Global Trips plan to return in the upcoming year

Students in exchange programs welcome their host siblings at the airport in 2019.

Contributed by Liv Ernst

Students in exchange programs welcome their host siblings at the airport in 2019.

As the COVID-19 pandemic rapidly unfolded in January and February of 2020, a group of high schoolers became particularly anxious. That year’s China Exchange students (CHEX) were mere weeks from an experience like no other while nation after nation fell into the pandemic’s grips.

Founded in 1999, the CHEX program pairs Xi’An-based students with a Brookline host family in the fall as students from the high school prepare for their semester-long stay with a Xi’An family in the spring. In 2020, the emerging COVID-19 pandemic stopped the trip in its tracks.

Senior Liv Ernst, a member of the contingent, said the group had been preparing for months, spending a significant amount of time together and surrounding themselves with the Xi’An culture and language as best they could.

As the Feb. 6 departure date approached, program director and chemistry teacher Steve Lantos said there was a strong sense of uncertainty that hung over students and coordinators. Even with the evolving situation, the CHEX’s program’s 20th anniversary gala went on as planned, with school officials from the Xi’An sister school flying in to celebrate.

Lantos said, behind the scenes, Brookline Town Hall and program directors tracked the development of the pandemic overseas, looking out for news that might force their hand while CHEX students waited apprehensively.

“We didn’t really know anything to be honest,” Ernst said. “There was one day in mid-February where we signed out of classes and tried to problem solve, coming up with best case scenarios.”

Lantos said that as the scope of the pandemic became obvious, the team was forced into an incredibly difficult position with so much preparation already completed over the previous months.

“We had to make a quick decision: do we send them knowing they might have to come back? Do we just cancel the trip altogether? It was one of the most painful decisions I’ve had to make as an educator,” Lantos said.

The CHEX coordinators canceled that year’s trip shortly before the State Department’s complete travel ban in late January.

The cancellation was also difficult for students, Ernst said, especially considering the tight connections the group had formed in preparation for the experience.

“With the cancellation coming only a couple of days before we were supposed to leave, it was especially difficult,” Ernst said. “It felt like we were grieving the loss of the opportunity more than anything.”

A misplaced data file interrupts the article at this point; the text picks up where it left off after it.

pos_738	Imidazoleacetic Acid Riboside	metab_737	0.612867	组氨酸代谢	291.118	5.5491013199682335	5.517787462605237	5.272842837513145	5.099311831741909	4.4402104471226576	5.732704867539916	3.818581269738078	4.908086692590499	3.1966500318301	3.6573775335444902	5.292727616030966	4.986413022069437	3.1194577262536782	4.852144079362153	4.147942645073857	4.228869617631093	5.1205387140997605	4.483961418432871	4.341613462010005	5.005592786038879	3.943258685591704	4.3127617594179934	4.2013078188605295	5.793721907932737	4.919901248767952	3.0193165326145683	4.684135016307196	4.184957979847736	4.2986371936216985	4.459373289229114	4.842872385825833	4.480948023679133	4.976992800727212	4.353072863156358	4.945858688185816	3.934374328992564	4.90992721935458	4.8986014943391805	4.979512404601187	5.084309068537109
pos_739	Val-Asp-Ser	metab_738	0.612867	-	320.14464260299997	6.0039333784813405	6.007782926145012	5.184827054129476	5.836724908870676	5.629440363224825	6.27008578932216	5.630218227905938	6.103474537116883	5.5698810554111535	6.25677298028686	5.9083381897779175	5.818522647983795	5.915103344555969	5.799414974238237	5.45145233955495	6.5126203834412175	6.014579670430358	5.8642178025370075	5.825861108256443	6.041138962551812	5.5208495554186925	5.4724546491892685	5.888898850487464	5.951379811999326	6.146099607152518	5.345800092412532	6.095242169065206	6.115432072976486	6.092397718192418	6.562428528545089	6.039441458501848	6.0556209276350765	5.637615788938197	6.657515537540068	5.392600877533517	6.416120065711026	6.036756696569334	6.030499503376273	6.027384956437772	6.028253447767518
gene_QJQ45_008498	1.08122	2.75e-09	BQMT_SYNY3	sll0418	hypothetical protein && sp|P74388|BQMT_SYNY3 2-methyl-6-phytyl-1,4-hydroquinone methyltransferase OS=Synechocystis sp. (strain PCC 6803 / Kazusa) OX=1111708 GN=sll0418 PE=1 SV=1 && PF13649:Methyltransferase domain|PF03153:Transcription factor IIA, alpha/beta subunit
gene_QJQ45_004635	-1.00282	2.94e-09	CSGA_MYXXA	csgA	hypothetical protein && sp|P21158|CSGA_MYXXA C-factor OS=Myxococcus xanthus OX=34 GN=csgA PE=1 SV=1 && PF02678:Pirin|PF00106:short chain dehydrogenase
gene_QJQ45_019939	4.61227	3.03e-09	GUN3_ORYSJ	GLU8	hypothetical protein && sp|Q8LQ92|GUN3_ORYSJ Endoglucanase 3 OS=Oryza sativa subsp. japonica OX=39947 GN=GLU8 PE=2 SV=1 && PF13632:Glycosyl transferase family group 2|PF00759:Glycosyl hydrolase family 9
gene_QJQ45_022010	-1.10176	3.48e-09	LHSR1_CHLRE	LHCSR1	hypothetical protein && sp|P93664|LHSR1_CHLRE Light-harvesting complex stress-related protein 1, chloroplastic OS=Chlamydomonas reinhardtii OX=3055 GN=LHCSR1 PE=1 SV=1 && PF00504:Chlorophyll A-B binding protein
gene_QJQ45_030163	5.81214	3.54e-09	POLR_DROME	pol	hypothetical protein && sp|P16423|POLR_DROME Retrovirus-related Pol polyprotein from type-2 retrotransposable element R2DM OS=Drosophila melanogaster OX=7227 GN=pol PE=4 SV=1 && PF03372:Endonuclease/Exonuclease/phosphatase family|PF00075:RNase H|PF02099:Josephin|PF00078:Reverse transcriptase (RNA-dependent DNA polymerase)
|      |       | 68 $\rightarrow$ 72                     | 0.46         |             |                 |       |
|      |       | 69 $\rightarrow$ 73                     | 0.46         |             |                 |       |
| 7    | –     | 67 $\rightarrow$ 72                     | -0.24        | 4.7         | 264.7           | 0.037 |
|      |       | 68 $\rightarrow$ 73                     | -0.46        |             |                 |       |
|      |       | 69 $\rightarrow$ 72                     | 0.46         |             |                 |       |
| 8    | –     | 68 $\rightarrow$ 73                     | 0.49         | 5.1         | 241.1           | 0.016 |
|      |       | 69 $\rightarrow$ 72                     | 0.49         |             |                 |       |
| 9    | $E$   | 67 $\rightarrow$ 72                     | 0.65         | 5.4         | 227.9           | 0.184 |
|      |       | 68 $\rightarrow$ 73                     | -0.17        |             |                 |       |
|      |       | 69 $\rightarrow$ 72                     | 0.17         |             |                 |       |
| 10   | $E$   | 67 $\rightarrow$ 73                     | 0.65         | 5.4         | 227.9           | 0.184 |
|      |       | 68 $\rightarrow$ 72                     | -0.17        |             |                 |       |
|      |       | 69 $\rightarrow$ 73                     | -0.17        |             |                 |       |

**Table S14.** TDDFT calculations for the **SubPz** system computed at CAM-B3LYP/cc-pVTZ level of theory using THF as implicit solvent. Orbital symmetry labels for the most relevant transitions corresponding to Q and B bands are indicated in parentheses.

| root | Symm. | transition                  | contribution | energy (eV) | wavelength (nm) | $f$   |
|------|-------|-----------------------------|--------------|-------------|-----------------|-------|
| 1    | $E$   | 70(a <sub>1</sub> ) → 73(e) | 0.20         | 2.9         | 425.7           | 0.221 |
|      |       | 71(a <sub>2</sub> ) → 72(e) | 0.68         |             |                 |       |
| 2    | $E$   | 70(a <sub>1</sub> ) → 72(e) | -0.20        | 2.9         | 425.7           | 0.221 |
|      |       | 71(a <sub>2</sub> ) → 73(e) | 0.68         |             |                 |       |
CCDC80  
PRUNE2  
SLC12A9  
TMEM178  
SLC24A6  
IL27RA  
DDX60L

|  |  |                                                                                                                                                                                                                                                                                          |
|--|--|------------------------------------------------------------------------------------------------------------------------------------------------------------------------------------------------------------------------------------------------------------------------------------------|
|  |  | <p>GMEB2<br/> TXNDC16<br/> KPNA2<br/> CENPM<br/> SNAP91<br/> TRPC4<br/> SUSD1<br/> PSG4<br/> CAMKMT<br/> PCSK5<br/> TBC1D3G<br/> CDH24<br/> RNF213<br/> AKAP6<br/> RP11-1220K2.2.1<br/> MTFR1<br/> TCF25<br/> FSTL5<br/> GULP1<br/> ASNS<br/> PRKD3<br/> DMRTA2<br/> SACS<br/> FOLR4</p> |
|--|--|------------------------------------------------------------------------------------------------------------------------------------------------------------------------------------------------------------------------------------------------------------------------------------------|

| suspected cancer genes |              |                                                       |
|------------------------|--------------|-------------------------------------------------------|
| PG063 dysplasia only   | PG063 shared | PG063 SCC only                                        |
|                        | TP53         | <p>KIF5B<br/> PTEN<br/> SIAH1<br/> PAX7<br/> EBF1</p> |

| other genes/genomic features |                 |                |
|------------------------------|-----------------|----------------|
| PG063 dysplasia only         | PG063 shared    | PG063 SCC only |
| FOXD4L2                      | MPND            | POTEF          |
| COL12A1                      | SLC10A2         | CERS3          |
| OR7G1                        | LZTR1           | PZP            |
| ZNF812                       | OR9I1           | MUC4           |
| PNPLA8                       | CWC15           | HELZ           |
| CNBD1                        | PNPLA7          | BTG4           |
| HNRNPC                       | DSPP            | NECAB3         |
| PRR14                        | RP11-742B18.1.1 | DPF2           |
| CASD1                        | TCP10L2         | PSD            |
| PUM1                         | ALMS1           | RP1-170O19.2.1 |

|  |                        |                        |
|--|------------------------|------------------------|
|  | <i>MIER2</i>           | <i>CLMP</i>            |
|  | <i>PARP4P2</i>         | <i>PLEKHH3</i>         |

The devastating experience wasn’t unique to those preparing for CHEX, as trips to Japan and Camerata’s April trip to Prague were both canceled with little time to spare, said World Language Curriculum Coordinator Rachel Eio.

Both Japan and Prague were planned continuations of a long history of international travel at the high school, Eio said.

“It’s a really critical part of not only the World Language program, but also the Social Studies Department and Performing Arts department. As long as I’ve been here, there have always been trips associated with different languages and programs” Eio said.

There’s a huge amount of effort that goes into the coordination of a trip: work that is unpaid and constantly crunched for time, Eio said. Still, she says that those involved with the program are working diligently to bring it back.

Eio said there was a moment in January where she felt the momentum for next year was almost lost as the Omicron variant surged across the globe, though she was able to table any final decision from the coordinating committee. Eio said she expects a more concrete plan to be created soon.

“[Members of town hall and Head of School Anthony Meyer] are going to be meeting in early April to review things like what happens if a student gets COVID while they’re abroad and has to stay longer. Do we have enough chaperones to manage a potential health situation?” Eio said, adding that whatever the outcome may be, she hopes that programs resume the following year if not the next.

The CHEX program may have fewer hoops to clear in the coming years due to its unique financial status, Lantos said.

“I think it’s easier to bring back because it’s funded by the students and their families,” Lantos said.

Still, there is plenty of paperwork and legal affairs that have to get done even after approval from the school board, as living abroad in a Chinese family’s house is no small commitment, Lantos said.

Ernst said that the CHEX program was a significant factor choosing the high school over private options.

“If you decide to go, it will change the way you look at things and even in the preparation, you learn so much. It’s one of the most impactful programs at the high school for your education and for your independence as a student,” Ernst said.

The effect CHEX has on student’s lives is profound, Lantos said, which is part of the reason he’s committed to bringing it back as soon as possible.

“In my little Rolodex of contacts, I have a number of kids who attended university here and are now living in Shanghai and Beijing,” Lantos said. “More than anything, the purpose of the exchange is to promote people to people learning and understanding.”